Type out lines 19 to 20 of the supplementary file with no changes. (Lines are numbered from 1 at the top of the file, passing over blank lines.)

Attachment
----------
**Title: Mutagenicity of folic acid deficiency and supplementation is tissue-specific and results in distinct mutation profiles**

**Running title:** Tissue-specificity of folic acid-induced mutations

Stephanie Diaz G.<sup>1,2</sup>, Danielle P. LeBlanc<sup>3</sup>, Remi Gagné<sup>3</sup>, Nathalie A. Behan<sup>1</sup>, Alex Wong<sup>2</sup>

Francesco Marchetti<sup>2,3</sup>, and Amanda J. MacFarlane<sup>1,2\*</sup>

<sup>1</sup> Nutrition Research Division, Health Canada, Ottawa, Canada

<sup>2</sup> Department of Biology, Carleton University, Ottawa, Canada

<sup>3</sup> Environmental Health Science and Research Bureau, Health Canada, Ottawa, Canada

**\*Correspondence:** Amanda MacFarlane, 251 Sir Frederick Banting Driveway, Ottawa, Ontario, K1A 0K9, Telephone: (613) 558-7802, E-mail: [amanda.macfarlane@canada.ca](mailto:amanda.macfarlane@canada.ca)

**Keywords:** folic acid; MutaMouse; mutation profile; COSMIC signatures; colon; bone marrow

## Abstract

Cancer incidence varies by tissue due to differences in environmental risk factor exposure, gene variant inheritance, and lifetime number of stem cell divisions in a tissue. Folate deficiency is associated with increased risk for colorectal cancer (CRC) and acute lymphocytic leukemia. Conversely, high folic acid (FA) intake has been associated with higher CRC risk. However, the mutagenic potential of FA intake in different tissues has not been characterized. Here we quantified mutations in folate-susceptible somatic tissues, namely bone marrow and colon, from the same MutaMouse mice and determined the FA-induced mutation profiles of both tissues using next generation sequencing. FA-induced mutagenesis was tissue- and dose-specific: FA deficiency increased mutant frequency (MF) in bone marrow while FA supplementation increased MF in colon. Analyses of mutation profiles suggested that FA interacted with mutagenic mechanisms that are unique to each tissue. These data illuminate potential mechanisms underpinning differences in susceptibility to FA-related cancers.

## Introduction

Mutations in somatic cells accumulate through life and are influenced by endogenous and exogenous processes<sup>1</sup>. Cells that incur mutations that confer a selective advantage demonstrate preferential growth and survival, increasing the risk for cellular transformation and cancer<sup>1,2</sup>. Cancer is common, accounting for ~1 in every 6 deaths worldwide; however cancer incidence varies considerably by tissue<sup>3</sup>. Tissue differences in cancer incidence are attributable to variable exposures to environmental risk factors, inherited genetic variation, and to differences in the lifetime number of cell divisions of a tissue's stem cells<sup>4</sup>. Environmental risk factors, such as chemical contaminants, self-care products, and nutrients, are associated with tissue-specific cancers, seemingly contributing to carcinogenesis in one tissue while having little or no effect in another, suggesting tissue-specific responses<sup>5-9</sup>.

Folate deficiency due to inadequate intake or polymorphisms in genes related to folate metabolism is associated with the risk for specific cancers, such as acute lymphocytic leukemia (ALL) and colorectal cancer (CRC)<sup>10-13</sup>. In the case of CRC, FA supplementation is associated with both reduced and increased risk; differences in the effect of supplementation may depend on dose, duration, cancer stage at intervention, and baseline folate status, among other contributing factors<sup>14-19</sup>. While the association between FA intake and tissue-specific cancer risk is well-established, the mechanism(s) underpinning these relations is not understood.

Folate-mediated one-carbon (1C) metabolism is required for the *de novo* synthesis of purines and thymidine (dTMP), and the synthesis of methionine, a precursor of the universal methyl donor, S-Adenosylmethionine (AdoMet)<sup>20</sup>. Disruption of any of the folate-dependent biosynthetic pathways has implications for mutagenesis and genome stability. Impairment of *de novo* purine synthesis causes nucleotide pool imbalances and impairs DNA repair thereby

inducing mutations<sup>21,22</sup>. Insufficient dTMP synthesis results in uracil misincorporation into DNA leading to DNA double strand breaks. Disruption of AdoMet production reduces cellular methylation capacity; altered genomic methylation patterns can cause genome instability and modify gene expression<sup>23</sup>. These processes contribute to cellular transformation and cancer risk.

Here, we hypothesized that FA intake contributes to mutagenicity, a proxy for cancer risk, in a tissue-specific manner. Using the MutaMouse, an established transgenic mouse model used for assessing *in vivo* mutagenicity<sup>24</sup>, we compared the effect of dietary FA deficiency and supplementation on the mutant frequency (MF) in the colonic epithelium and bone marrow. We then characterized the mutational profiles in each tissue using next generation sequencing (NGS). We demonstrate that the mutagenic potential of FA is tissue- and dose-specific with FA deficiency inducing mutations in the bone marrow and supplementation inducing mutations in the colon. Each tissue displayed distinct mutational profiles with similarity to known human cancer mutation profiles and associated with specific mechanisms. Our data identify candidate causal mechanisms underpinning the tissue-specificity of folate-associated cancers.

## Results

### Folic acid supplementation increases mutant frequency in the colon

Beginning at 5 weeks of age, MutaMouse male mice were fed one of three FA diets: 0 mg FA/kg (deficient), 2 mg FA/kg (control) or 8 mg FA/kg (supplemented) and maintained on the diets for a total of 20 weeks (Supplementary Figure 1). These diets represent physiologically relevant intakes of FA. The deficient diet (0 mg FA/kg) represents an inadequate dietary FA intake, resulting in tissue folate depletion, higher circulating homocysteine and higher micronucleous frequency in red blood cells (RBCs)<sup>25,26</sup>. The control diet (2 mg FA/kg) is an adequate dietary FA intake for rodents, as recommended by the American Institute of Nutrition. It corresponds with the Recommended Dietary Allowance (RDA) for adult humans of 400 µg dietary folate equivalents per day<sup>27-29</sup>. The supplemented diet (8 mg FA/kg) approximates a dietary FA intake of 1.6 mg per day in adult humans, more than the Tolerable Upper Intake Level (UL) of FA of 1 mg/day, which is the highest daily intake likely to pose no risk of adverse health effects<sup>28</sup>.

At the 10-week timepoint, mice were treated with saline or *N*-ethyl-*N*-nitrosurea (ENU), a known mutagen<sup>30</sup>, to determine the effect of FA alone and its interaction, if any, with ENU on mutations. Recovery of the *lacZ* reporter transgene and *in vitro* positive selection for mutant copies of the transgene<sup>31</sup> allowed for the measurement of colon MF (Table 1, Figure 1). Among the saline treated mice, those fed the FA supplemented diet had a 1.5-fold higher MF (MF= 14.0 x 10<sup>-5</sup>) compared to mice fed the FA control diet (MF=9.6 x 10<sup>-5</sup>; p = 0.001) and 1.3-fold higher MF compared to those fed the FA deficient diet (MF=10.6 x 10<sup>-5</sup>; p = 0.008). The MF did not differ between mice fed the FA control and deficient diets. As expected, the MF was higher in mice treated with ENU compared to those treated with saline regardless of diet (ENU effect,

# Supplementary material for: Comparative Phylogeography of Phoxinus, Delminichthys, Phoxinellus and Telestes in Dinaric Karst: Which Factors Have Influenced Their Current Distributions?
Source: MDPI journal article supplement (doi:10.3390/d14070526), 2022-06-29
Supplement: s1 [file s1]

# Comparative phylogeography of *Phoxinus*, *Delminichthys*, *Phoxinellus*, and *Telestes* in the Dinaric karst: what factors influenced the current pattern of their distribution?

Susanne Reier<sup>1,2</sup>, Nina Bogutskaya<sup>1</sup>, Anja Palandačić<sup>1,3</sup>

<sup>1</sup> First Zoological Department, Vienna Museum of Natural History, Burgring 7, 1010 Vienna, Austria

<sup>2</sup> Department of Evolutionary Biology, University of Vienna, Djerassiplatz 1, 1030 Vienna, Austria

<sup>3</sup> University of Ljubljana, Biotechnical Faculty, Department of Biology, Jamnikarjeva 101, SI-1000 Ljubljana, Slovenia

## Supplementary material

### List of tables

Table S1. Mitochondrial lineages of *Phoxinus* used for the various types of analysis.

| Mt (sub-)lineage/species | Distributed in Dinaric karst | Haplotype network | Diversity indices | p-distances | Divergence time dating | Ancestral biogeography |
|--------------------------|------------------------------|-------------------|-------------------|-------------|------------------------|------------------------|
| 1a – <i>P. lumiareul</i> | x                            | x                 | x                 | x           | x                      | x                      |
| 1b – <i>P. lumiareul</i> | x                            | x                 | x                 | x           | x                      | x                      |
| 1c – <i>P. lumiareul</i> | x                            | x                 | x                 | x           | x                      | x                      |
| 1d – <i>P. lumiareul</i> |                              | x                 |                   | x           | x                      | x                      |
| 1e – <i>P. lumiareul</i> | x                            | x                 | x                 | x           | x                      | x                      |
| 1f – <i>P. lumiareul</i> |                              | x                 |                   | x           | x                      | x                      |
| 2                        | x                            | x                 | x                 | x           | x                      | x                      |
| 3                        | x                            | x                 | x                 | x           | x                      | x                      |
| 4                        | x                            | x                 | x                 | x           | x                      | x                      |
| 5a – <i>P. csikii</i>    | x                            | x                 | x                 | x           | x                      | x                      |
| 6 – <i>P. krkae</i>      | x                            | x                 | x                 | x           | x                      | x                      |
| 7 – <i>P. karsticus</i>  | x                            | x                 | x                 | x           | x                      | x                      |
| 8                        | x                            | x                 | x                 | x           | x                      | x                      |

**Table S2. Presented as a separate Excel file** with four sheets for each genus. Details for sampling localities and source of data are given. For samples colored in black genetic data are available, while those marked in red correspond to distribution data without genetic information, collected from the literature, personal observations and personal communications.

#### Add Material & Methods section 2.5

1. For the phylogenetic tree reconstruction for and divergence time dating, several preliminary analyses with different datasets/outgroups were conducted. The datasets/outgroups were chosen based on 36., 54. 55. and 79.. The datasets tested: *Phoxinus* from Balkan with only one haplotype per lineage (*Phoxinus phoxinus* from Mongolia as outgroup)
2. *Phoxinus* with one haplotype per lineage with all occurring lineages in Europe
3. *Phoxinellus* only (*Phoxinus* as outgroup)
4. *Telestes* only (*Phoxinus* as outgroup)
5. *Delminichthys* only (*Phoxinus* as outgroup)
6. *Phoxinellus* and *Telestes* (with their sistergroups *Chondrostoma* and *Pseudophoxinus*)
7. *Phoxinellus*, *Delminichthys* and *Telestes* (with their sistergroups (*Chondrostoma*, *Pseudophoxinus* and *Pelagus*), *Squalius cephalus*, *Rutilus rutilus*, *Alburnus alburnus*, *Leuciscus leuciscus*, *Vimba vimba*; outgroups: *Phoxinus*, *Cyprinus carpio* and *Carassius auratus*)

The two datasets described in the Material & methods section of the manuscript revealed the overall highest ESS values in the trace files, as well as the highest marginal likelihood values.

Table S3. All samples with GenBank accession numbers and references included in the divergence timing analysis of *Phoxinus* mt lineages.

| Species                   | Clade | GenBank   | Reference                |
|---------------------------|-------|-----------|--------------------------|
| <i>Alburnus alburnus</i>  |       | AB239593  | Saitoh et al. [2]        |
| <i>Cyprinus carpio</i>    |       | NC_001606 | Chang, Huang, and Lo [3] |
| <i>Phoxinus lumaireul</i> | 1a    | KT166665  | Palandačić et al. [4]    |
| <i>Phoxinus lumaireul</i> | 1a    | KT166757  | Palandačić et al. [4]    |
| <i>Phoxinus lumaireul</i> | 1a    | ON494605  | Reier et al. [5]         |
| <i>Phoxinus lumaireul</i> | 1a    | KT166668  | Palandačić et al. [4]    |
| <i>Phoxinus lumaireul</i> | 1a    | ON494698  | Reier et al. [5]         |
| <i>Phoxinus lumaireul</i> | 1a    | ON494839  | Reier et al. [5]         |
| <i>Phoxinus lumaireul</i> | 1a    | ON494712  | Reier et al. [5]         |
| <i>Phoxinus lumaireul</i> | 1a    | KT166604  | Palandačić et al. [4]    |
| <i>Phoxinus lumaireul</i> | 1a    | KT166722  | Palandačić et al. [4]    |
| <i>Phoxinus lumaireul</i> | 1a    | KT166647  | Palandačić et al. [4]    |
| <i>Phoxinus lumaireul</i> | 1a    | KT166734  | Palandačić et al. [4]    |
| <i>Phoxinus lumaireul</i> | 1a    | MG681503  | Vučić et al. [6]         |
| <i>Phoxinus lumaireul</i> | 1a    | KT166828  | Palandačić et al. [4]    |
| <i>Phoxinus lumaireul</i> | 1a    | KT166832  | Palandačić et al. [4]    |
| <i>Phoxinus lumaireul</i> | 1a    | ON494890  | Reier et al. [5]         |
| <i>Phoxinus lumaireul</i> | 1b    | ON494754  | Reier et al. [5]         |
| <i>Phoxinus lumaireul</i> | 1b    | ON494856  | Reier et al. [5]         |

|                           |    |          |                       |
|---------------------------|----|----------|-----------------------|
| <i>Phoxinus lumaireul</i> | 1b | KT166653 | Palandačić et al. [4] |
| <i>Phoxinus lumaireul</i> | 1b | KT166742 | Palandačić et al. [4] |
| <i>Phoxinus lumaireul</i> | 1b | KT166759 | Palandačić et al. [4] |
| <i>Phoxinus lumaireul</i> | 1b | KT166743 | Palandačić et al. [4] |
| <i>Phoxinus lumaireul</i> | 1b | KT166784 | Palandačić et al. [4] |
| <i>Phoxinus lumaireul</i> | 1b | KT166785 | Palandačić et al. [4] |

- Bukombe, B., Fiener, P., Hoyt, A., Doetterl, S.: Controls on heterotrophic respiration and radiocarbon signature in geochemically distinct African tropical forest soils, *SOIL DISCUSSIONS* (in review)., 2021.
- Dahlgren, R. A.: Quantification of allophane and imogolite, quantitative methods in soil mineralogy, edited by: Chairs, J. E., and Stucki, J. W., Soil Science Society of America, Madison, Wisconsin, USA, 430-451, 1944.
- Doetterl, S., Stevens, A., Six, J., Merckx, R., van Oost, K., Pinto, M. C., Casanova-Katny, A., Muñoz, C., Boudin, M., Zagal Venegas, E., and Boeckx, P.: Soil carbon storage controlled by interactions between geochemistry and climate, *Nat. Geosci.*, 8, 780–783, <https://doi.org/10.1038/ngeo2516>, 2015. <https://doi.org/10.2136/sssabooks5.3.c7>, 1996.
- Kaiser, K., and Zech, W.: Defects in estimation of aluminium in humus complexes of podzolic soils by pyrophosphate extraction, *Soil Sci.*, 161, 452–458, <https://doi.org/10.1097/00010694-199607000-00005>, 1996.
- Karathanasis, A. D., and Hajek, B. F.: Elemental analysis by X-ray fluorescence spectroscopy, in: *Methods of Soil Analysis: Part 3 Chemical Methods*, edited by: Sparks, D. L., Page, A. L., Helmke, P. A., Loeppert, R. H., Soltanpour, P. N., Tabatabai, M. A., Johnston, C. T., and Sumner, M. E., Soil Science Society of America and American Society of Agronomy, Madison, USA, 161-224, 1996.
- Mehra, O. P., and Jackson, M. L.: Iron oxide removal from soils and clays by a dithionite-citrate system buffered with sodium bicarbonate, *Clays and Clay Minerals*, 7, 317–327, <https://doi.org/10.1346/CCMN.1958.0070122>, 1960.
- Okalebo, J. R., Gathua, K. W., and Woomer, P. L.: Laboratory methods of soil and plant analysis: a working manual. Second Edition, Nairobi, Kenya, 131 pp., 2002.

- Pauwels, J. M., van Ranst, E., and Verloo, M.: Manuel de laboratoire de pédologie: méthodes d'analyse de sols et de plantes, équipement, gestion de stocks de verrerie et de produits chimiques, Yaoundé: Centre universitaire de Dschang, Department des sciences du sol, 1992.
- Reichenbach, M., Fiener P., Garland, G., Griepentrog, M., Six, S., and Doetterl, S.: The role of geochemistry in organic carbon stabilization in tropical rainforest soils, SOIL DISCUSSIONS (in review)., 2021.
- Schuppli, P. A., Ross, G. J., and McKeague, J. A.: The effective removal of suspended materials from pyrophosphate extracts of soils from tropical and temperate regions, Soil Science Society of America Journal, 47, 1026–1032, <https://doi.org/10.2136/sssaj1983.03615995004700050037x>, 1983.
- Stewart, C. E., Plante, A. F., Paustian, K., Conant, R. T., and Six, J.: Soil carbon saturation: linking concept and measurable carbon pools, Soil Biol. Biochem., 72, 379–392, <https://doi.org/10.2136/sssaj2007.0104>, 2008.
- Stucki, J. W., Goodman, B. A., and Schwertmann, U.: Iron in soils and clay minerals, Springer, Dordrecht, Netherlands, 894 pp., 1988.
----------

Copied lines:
### Folic acid supplementation increases mutant frequency in the colon

Beginning at 5 weeks of age, MutaMouse male mice were fed one of three FA diets: 0 mg FA/kg (deficient), 2 mg FA/kg (control) or 8 mg FA/kg (supplemented) and maintained on the diets for a total of 20 weeks (Supplementary Figure 1). These diets represent physiologically relevant intakes of FA. The deficient diet (0 mg FA/kg) represents an inadequate dietary FA intake, resulting in tissue folate depletion, higher circulating homocysteine and higher micronucleous frequency in red blood cells (RBCs)<sup>25,26</sup>. The control diet (2 mg FA/kg) is an adequate dietary FA intake for rodents, as recommended by the American Institute of Nutrition. It corresponds with the Recommended Dietary Allowance (RDA) for adult humans of 400 µg dietary folate equivalents per day<sup>27-29</sup>. The supplemented diet (8 mg FA/kg) approximates a dietary FA intake of 1.6 mg per day in adult humans, more than the Tolerable Upper Intake Level (UL) of FA of 1 mg/day, which is the highest daily intake likely to pose no risk of adverse health effects<sup>28</sup>.